Professor Daniela Quaglia joins the Department of Chemistry from Université de Montréal
She completed her Ph.D. in Chemical Biology at University College Dublin, and holds an MBA from Concordia University! Professor Quaglia’s research has recently earned her a Royal Society Research Grant. We are extremely pleased to have Professor Daniela Quaglia join us in the Department of Chemistry!
Q: What brought you to Carleton’s Department of Chemistry?
A: I was first attracted to Carleton because of its location in the heart of Canada, its reputation to be a very friendly place to work and for its vibrant research community. As soon as I did the first interview, I realized that the Department of Chemistry stood up to the reputation, and that everyone was very excited about their research, and that there was a very collaborative spirit in the department tending towards innovation and creativity. This is what convinced me even more that Carleton was the place I wanted to be for starting my own lab.
Q: Would you mind explaining your research, and what students should expect when working in your labs?
A: My research spans from biocatalysis to enzyme engineering and automation in biology, but no matter the target, the main long-term goal is that of making the world a more sustainable place. Core to my research is the use and study of enzymes: the most powerful catalysts that nature has to offer, but that often need to be modified (or ‘engineered’) to become better at doing whatever it is that we want them to do. At present, for instance, I work on using enzymes to make chemical reaction greener (i.e. by finding greener biocatalytic routes to the production of fragrances and flavors), and on enzymatic plastic degradation, one of the biggest problems of our modern society.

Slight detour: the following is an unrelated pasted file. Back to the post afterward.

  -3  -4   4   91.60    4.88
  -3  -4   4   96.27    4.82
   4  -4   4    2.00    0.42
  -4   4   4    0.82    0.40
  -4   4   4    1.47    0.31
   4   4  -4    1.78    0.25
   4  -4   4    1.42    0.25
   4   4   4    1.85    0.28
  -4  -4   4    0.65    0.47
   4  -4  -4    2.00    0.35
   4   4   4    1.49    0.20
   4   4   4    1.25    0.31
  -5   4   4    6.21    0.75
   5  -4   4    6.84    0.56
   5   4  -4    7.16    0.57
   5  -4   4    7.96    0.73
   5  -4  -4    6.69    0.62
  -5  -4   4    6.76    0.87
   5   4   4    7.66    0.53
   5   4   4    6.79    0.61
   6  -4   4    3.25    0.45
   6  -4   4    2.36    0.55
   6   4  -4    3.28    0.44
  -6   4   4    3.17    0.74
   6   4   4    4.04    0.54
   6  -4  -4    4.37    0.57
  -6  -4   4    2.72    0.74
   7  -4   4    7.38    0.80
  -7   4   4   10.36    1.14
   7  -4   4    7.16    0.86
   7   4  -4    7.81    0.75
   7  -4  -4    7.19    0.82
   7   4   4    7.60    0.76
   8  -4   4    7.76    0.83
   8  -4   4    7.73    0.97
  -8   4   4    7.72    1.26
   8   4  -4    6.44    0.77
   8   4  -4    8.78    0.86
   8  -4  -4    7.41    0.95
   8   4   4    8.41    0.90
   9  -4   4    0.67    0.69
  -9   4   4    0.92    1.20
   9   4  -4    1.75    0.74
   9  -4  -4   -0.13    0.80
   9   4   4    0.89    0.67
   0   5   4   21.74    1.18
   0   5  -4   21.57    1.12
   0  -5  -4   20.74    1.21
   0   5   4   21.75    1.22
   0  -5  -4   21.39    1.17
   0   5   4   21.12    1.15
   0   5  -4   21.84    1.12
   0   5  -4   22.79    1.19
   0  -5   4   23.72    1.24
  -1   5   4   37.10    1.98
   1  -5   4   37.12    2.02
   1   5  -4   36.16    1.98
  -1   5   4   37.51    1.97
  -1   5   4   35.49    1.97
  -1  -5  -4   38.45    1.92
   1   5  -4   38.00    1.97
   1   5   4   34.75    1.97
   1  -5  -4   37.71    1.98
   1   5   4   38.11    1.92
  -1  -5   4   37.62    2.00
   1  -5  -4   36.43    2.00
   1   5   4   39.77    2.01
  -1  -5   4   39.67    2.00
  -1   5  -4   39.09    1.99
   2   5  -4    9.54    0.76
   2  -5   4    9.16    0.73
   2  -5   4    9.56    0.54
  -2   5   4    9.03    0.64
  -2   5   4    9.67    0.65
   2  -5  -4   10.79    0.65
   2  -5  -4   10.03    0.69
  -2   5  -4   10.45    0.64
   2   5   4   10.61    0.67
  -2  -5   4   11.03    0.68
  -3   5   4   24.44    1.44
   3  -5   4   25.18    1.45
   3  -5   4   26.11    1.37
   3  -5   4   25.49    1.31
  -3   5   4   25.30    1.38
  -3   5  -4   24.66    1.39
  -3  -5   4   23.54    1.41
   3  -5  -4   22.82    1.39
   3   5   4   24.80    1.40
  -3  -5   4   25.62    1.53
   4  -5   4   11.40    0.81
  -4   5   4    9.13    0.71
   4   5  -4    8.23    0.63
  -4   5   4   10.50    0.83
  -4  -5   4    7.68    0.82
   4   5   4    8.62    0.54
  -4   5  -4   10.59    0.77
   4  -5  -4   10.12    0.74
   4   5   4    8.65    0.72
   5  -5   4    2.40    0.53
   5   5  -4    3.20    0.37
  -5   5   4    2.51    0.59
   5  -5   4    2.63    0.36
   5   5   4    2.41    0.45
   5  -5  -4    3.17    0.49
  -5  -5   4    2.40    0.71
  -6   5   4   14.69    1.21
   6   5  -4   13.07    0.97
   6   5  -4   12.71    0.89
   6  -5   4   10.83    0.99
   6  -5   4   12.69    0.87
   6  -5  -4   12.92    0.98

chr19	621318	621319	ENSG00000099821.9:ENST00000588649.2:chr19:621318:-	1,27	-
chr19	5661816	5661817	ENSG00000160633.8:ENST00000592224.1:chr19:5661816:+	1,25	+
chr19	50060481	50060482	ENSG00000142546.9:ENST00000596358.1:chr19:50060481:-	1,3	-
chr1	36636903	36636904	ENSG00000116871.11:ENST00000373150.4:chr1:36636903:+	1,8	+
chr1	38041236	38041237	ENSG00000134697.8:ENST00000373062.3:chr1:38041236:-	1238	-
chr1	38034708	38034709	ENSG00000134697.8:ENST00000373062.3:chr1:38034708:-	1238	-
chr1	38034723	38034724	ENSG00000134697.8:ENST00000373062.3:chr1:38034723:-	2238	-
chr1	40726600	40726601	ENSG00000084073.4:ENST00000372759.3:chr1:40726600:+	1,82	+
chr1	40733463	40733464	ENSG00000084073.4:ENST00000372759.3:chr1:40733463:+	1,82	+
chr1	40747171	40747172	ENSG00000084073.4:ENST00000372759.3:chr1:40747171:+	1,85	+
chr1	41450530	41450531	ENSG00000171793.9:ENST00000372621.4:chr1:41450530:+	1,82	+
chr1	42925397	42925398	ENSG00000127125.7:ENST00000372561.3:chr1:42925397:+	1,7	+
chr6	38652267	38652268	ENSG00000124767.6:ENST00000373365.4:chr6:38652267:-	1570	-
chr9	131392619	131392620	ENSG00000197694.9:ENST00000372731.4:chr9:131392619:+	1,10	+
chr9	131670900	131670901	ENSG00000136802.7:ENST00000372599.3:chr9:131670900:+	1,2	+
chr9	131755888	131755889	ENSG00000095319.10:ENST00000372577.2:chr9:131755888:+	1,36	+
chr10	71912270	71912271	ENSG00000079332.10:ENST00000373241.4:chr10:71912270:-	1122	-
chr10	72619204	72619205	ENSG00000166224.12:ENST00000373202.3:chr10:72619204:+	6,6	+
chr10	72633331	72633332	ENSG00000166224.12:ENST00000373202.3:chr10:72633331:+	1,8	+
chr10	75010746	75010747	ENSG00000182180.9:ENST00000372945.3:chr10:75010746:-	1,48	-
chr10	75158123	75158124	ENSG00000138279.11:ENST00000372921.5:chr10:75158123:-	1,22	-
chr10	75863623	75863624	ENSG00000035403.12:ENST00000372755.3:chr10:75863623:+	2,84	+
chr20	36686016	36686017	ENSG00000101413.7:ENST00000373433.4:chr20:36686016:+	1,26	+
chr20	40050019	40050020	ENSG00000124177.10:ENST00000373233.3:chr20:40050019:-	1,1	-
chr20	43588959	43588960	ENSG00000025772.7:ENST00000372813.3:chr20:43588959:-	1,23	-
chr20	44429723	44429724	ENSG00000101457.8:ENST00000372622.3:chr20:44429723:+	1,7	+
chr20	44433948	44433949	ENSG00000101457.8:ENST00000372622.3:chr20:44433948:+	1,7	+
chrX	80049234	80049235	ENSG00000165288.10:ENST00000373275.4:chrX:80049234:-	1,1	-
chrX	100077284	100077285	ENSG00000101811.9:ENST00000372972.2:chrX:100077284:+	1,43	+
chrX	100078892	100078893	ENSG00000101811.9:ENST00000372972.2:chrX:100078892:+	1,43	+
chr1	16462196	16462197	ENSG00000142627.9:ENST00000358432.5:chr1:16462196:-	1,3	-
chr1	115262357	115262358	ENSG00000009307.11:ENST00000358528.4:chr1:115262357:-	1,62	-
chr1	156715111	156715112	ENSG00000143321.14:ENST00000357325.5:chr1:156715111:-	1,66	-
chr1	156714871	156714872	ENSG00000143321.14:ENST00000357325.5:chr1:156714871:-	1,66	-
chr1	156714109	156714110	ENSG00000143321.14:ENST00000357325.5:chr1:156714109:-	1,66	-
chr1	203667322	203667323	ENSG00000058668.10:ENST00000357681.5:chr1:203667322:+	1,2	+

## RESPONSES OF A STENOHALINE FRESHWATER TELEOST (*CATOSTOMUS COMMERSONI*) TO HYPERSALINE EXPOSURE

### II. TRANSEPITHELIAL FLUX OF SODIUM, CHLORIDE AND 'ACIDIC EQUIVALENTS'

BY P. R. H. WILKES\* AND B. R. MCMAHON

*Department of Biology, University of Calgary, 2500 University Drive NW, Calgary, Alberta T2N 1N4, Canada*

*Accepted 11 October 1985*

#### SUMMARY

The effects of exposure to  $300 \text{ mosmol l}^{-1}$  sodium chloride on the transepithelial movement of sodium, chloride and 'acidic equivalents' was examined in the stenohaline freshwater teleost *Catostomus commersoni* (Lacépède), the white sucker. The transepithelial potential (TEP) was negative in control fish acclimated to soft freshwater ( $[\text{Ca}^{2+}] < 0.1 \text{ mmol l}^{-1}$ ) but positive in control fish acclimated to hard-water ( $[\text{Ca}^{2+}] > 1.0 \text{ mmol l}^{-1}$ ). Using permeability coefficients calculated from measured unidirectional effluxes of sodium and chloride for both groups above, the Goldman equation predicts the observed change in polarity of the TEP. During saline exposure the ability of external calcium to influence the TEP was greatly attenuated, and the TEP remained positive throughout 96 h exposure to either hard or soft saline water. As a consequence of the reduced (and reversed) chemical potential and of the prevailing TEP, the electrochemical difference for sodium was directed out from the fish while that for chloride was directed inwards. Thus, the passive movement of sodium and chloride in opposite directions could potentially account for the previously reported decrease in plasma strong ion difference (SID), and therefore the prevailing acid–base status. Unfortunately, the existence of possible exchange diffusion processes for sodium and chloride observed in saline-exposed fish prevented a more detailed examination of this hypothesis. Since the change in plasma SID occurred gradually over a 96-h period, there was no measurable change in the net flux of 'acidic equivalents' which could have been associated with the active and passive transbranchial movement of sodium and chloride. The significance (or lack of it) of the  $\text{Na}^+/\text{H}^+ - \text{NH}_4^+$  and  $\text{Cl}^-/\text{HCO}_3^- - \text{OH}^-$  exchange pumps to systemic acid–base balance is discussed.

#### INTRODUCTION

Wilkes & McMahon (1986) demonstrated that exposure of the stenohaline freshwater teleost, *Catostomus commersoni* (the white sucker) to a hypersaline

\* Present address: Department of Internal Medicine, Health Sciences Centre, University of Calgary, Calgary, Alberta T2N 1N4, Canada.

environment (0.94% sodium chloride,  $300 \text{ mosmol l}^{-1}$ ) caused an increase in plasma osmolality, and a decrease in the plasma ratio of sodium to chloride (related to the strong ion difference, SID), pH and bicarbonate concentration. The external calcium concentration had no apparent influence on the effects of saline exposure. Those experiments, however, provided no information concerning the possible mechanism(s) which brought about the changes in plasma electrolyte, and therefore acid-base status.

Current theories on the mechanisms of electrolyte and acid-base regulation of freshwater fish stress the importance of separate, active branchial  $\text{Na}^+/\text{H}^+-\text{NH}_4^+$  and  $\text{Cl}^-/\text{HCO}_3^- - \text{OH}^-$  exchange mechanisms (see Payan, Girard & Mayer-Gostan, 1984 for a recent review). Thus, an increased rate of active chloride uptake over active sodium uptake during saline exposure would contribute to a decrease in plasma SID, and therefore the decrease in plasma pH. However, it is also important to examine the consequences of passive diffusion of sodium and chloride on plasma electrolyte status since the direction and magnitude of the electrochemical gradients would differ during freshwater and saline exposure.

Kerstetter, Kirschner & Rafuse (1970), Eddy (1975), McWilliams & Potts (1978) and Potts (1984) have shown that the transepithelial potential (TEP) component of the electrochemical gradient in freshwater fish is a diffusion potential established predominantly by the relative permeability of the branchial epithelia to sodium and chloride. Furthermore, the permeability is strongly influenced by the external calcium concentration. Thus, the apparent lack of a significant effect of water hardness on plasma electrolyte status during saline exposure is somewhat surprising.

Q: What are you looking forward to about the courses you will teach in the future/lab work?
A: Definitely to get back to my students and continue to teach them tips and tricks to help them become effective communicators in science. I have been assigned a yearly module in which, during the first semester, we were able to touch upon many different modern aspects of science communication: use of social media in science (i.e. Twitter), blogging and presenting both to a non-specialized audience and to their peers. So far, we had a blast, and I am sure that the second semester will continue to be even more exciting (I am very looking forward to correcting the blog pieces that the students wrote this semester so we can post them online starting in January!)